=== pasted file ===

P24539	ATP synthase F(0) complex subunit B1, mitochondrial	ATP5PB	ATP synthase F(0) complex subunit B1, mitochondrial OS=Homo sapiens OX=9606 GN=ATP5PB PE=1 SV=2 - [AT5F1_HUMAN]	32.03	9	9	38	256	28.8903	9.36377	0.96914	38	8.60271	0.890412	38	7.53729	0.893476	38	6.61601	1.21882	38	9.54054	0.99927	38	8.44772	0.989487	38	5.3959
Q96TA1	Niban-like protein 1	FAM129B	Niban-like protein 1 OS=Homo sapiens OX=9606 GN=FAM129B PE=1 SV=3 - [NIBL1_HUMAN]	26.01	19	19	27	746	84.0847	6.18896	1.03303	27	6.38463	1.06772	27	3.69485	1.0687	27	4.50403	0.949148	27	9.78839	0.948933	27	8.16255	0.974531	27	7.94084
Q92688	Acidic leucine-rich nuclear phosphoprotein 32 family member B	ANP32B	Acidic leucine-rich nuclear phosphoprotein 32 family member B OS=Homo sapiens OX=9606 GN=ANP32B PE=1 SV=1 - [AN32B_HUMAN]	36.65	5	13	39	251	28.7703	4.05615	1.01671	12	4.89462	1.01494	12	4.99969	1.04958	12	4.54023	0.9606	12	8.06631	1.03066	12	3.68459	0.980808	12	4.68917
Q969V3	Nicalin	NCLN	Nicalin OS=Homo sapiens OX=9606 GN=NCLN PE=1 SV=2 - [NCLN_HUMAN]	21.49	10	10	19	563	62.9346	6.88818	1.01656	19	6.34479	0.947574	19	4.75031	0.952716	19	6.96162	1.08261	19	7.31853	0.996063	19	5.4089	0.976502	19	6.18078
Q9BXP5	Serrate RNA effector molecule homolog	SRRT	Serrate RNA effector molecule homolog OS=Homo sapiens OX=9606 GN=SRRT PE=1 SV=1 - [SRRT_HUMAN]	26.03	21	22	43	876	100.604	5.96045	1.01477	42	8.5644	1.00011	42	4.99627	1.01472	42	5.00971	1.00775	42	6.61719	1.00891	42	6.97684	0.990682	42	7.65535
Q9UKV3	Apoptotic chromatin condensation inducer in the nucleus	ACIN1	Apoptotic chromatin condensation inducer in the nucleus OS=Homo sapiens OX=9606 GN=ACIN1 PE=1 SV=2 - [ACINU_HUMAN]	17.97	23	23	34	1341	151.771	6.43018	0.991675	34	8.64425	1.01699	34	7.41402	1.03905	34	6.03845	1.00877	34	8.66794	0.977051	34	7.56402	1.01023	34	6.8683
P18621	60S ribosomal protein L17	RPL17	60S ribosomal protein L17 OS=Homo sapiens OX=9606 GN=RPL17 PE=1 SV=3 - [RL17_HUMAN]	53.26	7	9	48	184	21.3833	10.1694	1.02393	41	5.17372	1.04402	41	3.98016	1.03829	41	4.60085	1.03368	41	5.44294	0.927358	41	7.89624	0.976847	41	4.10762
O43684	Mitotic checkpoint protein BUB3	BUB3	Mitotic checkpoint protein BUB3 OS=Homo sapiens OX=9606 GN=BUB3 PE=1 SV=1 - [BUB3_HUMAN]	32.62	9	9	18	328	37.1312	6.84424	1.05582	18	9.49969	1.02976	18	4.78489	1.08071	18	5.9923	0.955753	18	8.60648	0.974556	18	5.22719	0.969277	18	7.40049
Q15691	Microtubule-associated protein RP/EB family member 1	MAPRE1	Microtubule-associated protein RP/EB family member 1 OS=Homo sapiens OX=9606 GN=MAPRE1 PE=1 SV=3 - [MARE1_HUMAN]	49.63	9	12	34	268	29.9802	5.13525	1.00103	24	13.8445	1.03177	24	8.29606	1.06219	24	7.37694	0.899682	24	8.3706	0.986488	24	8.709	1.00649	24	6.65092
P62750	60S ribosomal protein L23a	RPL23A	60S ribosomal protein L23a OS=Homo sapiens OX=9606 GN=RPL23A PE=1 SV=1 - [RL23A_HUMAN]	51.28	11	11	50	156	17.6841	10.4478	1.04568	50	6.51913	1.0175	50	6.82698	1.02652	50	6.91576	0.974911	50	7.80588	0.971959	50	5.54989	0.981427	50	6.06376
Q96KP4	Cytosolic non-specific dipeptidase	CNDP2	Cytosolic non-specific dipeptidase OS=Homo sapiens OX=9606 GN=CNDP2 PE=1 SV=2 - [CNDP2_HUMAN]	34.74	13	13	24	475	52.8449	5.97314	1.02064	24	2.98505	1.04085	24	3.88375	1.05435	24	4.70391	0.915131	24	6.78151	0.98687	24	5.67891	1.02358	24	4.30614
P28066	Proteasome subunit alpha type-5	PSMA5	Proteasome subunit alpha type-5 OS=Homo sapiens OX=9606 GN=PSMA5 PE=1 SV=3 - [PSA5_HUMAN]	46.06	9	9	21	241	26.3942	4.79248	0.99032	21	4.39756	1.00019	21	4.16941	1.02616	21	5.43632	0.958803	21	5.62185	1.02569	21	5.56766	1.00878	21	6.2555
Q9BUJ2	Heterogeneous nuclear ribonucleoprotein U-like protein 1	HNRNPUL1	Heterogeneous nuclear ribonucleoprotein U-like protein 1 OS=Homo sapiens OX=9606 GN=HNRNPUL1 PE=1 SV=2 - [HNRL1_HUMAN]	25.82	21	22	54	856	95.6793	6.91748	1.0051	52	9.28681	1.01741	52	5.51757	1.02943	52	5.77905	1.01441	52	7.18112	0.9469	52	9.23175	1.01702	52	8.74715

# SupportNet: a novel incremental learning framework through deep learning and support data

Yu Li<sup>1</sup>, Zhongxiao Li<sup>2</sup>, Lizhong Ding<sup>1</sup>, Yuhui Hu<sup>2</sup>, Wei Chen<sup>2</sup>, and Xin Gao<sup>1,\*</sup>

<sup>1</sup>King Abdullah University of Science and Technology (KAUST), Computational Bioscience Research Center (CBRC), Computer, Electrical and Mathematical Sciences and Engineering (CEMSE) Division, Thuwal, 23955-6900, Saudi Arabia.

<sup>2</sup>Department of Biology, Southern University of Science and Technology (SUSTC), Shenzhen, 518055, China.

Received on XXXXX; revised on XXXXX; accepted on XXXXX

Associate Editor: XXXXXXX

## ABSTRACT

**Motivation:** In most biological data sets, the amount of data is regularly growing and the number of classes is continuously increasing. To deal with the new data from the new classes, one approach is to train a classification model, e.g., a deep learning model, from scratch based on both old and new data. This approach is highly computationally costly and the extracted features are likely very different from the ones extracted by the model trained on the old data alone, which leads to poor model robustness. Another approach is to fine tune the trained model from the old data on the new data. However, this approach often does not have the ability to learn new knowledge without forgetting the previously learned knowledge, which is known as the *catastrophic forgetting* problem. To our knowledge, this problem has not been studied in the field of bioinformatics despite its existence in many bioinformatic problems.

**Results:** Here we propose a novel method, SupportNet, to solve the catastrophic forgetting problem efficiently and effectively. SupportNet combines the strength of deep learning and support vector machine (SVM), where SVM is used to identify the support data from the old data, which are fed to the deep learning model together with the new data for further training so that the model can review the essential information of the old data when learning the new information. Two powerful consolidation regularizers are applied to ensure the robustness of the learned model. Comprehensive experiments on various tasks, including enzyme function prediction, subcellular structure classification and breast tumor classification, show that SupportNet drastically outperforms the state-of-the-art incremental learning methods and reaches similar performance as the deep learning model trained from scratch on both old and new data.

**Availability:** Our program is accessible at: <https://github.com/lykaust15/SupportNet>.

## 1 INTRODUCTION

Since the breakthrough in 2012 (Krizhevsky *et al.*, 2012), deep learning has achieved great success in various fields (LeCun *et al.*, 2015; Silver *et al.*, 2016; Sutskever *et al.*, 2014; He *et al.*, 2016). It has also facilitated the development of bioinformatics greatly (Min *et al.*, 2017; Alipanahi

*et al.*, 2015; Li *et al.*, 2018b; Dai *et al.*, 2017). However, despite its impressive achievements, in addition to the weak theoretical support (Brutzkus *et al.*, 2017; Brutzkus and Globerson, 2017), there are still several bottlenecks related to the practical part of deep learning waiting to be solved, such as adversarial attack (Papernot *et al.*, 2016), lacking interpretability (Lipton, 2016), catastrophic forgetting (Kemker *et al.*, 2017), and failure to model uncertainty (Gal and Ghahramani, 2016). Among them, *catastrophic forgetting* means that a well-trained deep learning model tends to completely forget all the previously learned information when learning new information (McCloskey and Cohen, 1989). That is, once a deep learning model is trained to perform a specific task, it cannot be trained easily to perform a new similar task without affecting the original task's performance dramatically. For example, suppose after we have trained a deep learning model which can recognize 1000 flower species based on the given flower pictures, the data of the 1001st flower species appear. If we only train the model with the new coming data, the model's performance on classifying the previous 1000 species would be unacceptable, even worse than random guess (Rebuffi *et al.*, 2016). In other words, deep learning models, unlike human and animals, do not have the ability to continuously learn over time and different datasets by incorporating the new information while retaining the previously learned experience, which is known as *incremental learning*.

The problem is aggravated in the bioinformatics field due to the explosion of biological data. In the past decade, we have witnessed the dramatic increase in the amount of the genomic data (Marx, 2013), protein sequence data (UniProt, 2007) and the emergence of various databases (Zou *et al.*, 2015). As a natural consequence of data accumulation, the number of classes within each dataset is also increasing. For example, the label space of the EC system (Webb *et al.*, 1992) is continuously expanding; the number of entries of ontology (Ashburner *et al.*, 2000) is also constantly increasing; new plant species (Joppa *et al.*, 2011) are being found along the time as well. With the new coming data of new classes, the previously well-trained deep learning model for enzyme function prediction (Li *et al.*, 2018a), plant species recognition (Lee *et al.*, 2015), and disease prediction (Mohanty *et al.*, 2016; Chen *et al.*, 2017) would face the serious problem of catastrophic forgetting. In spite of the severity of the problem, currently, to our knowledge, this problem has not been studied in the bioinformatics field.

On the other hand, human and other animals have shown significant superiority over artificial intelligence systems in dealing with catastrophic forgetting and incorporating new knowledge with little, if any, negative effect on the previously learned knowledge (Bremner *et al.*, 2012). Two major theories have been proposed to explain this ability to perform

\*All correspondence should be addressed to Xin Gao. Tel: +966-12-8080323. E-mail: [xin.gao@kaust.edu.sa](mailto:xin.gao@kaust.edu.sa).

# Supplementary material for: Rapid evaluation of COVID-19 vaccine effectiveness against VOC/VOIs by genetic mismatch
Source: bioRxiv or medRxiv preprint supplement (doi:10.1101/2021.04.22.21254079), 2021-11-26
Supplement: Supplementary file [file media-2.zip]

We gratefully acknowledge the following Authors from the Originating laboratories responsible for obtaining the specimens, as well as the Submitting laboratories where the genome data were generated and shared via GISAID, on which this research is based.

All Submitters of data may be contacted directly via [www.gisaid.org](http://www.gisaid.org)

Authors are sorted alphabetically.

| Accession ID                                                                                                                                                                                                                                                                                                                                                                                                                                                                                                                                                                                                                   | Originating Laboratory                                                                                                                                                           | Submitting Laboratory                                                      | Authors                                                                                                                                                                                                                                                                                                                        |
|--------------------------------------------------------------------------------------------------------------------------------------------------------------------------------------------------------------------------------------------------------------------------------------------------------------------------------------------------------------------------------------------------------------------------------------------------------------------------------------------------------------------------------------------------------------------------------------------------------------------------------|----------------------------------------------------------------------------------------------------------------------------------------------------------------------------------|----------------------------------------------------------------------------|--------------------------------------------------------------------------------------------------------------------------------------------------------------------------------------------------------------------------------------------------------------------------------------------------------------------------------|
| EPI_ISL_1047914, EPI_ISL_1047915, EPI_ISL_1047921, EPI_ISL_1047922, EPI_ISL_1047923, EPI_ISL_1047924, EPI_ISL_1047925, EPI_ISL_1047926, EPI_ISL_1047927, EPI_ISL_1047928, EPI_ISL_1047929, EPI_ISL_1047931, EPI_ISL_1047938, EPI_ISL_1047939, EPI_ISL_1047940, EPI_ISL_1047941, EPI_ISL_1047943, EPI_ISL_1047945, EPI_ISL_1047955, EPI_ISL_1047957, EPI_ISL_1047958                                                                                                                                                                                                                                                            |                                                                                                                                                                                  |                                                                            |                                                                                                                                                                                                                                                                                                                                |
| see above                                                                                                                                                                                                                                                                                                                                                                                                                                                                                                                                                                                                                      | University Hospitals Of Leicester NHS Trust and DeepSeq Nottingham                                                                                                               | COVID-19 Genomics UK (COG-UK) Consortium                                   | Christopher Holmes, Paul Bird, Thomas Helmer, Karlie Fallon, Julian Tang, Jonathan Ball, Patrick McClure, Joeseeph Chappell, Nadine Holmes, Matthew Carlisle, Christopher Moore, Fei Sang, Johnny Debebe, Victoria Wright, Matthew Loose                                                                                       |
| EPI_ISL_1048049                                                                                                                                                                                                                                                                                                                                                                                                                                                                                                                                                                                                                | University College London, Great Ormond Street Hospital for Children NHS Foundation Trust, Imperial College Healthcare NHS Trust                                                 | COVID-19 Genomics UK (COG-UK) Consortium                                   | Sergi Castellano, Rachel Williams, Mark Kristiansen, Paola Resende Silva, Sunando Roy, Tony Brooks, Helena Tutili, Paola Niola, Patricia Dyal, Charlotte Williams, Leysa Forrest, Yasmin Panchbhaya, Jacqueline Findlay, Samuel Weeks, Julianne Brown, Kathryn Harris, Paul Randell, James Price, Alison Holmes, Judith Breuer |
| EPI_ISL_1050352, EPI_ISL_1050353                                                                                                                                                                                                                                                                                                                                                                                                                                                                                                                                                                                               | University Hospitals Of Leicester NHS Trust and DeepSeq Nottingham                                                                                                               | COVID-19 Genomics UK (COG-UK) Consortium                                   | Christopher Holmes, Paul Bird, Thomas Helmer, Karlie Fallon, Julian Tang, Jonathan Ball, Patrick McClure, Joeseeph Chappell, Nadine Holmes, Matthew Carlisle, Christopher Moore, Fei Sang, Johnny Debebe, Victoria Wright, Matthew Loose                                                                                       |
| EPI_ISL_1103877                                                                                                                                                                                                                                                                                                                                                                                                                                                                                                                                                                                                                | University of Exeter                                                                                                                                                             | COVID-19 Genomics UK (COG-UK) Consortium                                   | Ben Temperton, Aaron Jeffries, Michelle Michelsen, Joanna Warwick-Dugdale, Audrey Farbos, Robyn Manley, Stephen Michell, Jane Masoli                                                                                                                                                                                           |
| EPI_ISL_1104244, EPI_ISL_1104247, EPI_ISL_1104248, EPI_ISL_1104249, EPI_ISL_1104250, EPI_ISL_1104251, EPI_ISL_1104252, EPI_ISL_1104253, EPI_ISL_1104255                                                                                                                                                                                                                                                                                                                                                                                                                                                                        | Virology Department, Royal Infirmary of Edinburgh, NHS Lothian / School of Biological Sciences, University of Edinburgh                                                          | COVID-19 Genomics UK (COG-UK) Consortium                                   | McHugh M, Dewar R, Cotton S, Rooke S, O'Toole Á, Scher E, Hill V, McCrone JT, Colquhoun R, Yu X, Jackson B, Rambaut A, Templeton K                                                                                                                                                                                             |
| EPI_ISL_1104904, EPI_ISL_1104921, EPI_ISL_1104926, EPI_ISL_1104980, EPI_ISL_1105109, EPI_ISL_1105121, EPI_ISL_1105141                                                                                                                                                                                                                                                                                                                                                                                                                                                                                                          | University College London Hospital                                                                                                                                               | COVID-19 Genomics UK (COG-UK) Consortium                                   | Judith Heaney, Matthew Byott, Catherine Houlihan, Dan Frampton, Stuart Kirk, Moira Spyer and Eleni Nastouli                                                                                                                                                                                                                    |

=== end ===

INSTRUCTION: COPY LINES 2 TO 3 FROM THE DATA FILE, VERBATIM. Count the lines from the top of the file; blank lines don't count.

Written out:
Q96TA1	Niban-like protein 1	FAM129B	Niban-like protein 1 OS=Homo sapiens OX=9606 GN=FAM129B PE=1 SV=3 - [NIBL1_HUMAN]	26.01	19	19	27	746	84.0847	6.18896	1.03303	27	6.38463	1.06772	27	3.69485	1.0687	27	4.50403	0.949148	27	9.78839	0.948933	27	8.16255	0.974531	27	7.94084
Q92688	Acidic leucine-rich nuclear phosphoprotein 32 family member B	ANP32B	Acidic leucine-rich nuclear phosphoprotein 32 family member B OS=Homo sapiens OX=9606 GN=ANP32B PE=1 SV=1 - [AN32B_HUMAN]	36.65	5	13	39	251	28.7703	4.05615	1.01671	12	4.89462	1.01494	12	4.99969	1.04958	12	4.54023	0.9606	12	8.06631	1.03066	12	3.68459	0.980808	12	4.68917